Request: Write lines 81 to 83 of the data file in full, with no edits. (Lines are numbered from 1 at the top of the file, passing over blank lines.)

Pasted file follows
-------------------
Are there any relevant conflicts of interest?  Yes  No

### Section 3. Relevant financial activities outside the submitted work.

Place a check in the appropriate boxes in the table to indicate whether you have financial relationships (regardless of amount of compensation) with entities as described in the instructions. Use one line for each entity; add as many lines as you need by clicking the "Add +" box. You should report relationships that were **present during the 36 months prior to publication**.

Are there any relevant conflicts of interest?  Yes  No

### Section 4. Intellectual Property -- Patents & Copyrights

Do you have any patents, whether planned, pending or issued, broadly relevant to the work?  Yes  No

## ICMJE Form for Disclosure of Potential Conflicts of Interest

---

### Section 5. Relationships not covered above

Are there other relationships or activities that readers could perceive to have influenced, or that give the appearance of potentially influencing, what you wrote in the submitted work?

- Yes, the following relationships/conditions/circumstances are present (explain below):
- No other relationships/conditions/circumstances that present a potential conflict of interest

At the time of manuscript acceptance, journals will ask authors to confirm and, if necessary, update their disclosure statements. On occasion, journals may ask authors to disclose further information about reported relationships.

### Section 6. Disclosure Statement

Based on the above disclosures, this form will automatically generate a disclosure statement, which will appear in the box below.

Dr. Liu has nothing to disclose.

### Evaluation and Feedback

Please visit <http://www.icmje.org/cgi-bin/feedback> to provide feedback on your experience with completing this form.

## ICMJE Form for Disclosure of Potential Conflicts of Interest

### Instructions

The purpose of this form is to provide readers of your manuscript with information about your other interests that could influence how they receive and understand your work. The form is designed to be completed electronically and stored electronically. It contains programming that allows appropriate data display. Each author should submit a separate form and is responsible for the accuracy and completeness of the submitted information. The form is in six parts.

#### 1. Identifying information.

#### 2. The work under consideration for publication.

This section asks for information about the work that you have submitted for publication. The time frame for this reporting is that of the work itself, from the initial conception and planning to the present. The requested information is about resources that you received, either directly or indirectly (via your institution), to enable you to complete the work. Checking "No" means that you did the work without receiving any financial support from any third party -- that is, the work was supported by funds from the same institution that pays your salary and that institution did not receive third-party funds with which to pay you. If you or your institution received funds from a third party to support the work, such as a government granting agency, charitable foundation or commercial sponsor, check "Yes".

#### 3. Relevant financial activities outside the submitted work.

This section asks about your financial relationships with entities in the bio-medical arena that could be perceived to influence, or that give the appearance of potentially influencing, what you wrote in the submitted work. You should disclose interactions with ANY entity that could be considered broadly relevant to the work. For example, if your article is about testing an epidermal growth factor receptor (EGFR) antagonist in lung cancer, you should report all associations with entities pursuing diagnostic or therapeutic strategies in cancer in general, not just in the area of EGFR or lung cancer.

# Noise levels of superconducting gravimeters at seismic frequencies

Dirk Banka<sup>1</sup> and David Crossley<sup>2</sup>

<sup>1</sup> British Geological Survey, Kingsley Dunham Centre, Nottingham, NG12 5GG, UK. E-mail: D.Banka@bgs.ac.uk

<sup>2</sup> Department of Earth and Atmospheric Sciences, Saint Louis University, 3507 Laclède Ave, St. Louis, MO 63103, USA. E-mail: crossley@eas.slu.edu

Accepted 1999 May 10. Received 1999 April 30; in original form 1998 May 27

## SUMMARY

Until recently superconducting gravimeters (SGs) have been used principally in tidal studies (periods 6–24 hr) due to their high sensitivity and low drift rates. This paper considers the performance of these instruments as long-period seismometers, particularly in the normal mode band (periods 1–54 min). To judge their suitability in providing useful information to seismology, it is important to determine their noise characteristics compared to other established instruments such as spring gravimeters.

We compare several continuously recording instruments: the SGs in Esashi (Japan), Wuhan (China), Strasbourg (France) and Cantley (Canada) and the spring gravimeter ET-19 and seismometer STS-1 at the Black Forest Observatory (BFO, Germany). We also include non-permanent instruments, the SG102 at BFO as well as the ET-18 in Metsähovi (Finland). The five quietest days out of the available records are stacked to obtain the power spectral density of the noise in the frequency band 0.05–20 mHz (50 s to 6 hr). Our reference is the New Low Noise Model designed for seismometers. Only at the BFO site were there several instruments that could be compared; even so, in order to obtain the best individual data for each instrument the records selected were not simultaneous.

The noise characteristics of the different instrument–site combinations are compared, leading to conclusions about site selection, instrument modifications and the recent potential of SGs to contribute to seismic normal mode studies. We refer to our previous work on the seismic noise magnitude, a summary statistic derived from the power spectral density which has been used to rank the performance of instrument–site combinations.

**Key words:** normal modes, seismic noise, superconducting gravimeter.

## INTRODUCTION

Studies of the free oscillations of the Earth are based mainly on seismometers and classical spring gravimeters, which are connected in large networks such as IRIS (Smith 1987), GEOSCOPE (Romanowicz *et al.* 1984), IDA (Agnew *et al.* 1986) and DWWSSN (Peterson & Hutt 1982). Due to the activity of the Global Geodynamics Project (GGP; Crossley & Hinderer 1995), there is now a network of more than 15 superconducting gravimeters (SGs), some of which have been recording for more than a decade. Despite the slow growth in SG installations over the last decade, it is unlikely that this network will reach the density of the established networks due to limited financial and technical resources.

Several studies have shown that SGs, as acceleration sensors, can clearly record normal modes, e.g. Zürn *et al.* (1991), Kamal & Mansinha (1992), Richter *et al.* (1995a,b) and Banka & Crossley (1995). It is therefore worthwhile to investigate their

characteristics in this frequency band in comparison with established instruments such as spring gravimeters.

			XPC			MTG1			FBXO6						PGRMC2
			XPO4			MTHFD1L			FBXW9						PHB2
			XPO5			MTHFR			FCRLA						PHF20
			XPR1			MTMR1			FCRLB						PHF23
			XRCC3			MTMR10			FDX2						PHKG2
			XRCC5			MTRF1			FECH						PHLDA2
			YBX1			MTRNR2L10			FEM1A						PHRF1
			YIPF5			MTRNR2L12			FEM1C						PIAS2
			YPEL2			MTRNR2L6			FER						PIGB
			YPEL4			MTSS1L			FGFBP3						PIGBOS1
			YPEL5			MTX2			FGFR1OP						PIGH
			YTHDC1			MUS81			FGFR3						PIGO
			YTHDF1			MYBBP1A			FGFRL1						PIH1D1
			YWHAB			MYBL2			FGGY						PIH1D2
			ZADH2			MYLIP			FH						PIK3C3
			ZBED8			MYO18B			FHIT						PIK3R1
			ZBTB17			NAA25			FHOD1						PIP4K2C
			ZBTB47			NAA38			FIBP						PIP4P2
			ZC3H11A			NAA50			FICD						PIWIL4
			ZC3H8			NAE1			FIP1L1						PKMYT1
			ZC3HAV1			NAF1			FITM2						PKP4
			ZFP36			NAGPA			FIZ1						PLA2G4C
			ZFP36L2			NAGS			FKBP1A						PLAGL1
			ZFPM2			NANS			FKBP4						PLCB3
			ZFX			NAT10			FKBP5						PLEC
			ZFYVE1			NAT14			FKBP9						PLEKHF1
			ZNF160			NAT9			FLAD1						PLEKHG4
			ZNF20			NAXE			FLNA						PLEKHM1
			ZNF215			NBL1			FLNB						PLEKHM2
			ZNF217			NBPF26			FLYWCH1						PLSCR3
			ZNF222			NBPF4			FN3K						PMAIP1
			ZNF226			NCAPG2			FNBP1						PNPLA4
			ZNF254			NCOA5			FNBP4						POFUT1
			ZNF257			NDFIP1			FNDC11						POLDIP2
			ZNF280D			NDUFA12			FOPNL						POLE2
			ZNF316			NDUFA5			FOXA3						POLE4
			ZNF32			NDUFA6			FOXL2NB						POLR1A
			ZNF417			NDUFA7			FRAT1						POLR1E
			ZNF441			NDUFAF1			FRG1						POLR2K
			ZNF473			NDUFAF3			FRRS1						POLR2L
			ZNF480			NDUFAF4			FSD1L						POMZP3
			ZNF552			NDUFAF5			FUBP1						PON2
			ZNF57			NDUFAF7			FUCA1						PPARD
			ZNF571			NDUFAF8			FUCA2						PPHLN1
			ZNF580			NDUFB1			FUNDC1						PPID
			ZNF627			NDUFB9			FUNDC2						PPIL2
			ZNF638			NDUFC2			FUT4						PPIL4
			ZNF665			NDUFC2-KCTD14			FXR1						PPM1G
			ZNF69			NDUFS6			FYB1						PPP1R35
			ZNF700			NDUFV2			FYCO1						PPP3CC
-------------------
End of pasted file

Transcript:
			ZNF480			NDUFAF4			FSD1L						POMZP3
			ZNF552			NDUFAF5			FUBP1						PON2
			ZNF57			NDUFAF7			FUCA1						PPARD